One problem with the MacReady-as-Thing theory is that we see him act consistently human, even when he is alone. He also chats with Blair (Wilford Brimley), who we learn later was a Thing the whole time. Why would they talk as humans if they were both Things? Here’s my explanation: the Thing is cunning, so cunning and cautious that it plays its part perfectly. It’s made clear that the Thing would rather keep its disguise and avoid confrontation. Perhaps the MacReady-Thing is determined to play human even when it seems to be alone, just so it is sure of keeping its cover. In fact, it plays its part so well that it attacks and fights other Things, sacrificing them to make itself look more convincing. Even at the end, when MacReady blows up the monstrous Blair-Thing, he’s still playing the part on the slight chance that Childs, Nauls, or Garry (who is dead by then, but he doesn’t know that) might be watching. Likewise, Blair continues to act human for as long as he can; he and MacReady don’t dare converse as Things, because there are real humans nearby who might overhear.

Do the Things know who the other Things are?

Possibly. Judging by what happens, I suspect that the Things are self-sacrificing. Since they’re all really part of a single, collective entity, they are willing to eliminate themselves if it helps achieve their ultimate goal: to kill or infest all the humans, and to be picked up and transported to civilization. They’re playing a deadly game, and some pawns have to be sacrificed. They’re willing to die if it helps the Thing win overall. And they’re all helping MacReady by continuing to draw suspicion away from him. That suggests they know each other, perhaps by scent or an empathic link. Alternatively, perhaps the Things do not know each other -- in which case, they don’t dare try to find out who else is a Thing, in case they guess wrong and blow their cover. Both theories work.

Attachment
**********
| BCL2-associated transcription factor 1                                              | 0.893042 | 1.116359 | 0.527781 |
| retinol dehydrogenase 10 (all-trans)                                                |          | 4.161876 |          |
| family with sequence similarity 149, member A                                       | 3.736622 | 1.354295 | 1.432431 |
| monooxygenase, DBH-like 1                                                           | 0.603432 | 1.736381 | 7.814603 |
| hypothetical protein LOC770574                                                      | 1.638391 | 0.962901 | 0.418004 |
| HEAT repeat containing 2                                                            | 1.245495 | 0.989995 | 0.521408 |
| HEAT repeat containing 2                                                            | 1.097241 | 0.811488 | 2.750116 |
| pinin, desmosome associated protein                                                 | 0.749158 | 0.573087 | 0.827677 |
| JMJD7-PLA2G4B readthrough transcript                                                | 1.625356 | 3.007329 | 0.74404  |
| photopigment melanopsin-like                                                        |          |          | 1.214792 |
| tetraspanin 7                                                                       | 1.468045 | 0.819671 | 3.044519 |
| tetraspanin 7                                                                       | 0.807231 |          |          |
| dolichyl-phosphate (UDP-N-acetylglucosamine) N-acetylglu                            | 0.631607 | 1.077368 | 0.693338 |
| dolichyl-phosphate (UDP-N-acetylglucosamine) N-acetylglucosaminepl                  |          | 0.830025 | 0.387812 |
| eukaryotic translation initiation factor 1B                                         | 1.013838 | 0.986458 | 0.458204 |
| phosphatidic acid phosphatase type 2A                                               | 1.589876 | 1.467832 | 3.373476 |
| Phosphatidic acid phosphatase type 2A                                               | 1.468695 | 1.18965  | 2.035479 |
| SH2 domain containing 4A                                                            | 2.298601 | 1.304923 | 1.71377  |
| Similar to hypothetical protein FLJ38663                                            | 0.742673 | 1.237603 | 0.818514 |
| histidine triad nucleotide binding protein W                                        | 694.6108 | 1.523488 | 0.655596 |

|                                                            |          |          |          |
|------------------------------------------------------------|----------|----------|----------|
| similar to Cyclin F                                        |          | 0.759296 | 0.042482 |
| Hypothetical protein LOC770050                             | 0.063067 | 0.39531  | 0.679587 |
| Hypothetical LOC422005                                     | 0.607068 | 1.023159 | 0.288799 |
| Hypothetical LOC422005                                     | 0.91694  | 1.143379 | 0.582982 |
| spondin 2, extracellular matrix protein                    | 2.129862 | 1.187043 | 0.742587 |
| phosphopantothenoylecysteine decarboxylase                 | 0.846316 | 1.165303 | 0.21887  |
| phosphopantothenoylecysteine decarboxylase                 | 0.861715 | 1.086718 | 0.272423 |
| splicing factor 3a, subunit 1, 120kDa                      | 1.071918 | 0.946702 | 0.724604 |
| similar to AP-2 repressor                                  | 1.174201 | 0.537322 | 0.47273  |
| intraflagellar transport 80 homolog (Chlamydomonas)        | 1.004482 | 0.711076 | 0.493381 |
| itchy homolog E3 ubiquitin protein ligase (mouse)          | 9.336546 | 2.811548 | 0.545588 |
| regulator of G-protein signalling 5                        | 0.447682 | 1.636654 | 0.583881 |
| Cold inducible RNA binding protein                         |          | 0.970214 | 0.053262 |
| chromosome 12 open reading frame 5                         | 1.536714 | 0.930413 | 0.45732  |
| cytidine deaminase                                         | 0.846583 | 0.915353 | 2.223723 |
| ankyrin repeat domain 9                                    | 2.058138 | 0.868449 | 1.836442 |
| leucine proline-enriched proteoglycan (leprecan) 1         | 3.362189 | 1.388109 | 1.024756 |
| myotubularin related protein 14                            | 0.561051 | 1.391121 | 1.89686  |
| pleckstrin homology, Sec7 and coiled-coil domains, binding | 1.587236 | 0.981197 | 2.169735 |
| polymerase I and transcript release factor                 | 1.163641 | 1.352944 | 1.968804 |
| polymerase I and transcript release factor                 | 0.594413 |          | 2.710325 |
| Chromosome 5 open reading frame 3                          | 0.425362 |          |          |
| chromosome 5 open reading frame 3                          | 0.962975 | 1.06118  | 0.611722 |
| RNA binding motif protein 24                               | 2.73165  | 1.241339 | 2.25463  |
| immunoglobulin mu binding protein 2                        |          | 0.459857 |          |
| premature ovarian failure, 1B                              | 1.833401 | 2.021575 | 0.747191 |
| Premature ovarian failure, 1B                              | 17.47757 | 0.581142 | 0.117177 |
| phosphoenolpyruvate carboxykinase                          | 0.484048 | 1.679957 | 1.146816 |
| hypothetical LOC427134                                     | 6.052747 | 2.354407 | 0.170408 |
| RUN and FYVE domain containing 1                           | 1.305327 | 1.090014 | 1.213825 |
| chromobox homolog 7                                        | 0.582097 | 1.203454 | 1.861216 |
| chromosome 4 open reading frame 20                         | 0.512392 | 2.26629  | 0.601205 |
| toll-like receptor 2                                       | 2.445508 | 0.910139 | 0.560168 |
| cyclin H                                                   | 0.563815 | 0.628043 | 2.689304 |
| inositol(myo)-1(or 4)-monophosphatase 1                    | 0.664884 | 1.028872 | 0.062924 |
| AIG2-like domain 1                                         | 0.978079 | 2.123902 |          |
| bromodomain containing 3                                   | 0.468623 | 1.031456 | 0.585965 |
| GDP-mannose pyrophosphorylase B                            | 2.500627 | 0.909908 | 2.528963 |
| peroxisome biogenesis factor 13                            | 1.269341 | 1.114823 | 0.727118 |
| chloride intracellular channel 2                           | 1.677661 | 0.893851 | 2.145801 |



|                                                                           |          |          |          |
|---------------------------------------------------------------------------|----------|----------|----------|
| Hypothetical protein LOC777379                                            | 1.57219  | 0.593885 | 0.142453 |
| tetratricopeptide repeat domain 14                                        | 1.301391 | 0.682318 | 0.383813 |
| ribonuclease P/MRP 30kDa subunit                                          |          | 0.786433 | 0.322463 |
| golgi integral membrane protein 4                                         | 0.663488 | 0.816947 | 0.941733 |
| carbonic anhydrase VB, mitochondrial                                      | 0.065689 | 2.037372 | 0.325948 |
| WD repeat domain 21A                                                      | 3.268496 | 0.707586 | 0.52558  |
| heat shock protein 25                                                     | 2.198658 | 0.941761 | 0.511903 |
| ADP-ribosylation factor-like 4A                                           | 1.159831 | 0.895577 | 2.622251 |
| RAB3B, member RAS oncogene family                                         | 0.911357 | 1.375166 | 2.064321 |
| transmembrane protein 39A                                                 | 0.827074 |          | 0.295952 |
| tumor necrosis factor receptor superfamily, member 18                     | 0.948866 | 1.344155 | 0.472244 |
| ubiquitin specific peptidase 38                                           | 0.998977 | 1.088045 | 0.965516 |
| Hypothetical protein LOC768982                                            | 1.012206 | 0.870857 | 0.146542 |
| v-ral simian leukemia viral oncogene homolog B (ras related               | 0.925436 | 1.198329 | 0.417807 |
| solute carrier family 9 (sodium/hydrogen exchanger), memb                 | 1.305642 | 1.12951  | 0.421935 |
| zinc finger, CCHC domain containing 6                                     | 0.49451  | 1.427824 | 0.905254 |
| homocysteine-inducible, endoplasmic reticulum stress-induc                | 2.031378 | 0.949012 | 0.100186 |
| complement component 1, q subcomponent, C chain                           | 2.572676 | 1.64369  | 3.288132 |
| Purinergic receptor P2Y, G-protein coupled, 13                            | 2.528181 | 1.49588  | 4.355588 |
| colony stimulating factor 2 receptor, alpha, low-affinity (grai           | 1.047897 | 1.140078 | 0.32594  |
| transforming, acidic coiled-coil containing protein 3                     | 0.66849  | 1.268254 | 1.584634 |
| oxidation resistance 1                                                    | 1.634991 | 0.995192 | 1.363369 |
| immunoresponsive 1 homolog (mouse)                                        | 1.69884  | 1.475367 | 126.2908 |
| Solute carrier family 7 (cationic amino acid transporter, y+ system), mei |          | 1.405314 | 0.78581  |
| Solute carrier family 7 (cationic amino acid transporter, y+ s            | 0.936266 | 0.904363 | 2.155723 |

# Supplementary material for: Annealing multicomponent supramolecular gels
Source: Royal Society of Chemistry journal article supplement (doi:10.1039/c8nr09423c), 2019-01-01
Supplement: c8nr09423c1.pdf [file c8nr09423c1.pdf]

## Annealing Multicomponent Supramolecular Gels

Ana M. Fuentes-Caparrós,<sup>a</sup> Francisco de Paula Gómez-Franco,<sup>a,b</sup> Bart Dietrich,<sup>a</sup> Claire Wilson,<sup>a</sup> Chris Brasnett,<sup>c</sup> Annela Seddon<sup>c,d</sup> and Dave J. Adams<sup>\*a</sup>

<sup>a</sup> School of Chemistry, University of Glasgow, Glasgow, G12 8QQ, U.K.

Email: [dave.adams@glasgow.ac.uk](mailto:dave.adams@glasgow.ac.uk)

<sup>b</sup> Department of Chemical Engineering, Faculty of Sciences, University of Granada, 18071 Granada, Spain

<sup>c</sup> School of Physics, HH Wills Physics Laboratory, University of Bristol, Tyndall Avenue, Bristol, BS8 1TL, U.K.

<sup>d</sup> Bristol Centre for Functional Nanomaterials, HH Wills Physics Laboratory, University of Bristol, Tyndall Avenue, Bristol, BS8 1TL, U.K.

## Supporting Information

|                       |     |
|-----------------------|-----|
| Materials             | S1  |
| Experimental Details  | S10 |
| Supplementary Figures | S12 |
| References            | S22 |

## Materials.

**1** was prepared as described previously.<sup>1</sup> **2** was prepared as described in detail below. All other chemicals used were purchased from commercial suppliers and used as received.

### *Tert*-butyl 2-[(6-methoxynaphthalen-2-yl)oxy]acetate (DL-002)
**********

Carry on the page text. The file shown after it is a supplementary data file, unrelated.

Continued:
The torn clothing

Nauls finds someone’s torn clothes in the kitchen, which leads the men to realize that the Thing rips through clothing when it assimilates and mimics humans. MacReady seems particularly interested in the torn clothing, and looks at it with worry. Because he’s wondering who is infected? No, because he is infected, and frets that someone will find his own torn clothes. He tries to burn the evidence, but is interrupted by Fuchs, who glimpses him and follows him out. Since Fuchs is found burned to death, my guess is that he committed suicide rather than let MacReady devour him. I should mention that MacReady’s later explanation for his torn clothing -- that someone else must have borrowed his jacket -- is really, really lame.

The blood test

Here’s the biggest hole in the MacReady-as-Thing theory. During the blood test sequence, MacReady determines that everyone present is human except Palmer (David Clennon). That includes MacReady himself; we see him test his own blood. In order for our theory to work, MacReady would have had to swap his blood for someone else’s, without anyone seeing. Impossible? Maybe not. We never see MacReady bleed into a petri dish onscreen. And when he was collecting blood, everyone else was bound except for Windows (Thomas G. Waites), who’s a bit of a flake. Maybe MacReady had collected some human blood when Dr. Copper’s samples were sabotaged earlier (there was blood all over the floor; he could have scooped some up), and carefully slipped it into the dish instead of his own. Unlikely but not beyond him, especially as he’s such a resourceful chap.

What about Nauls?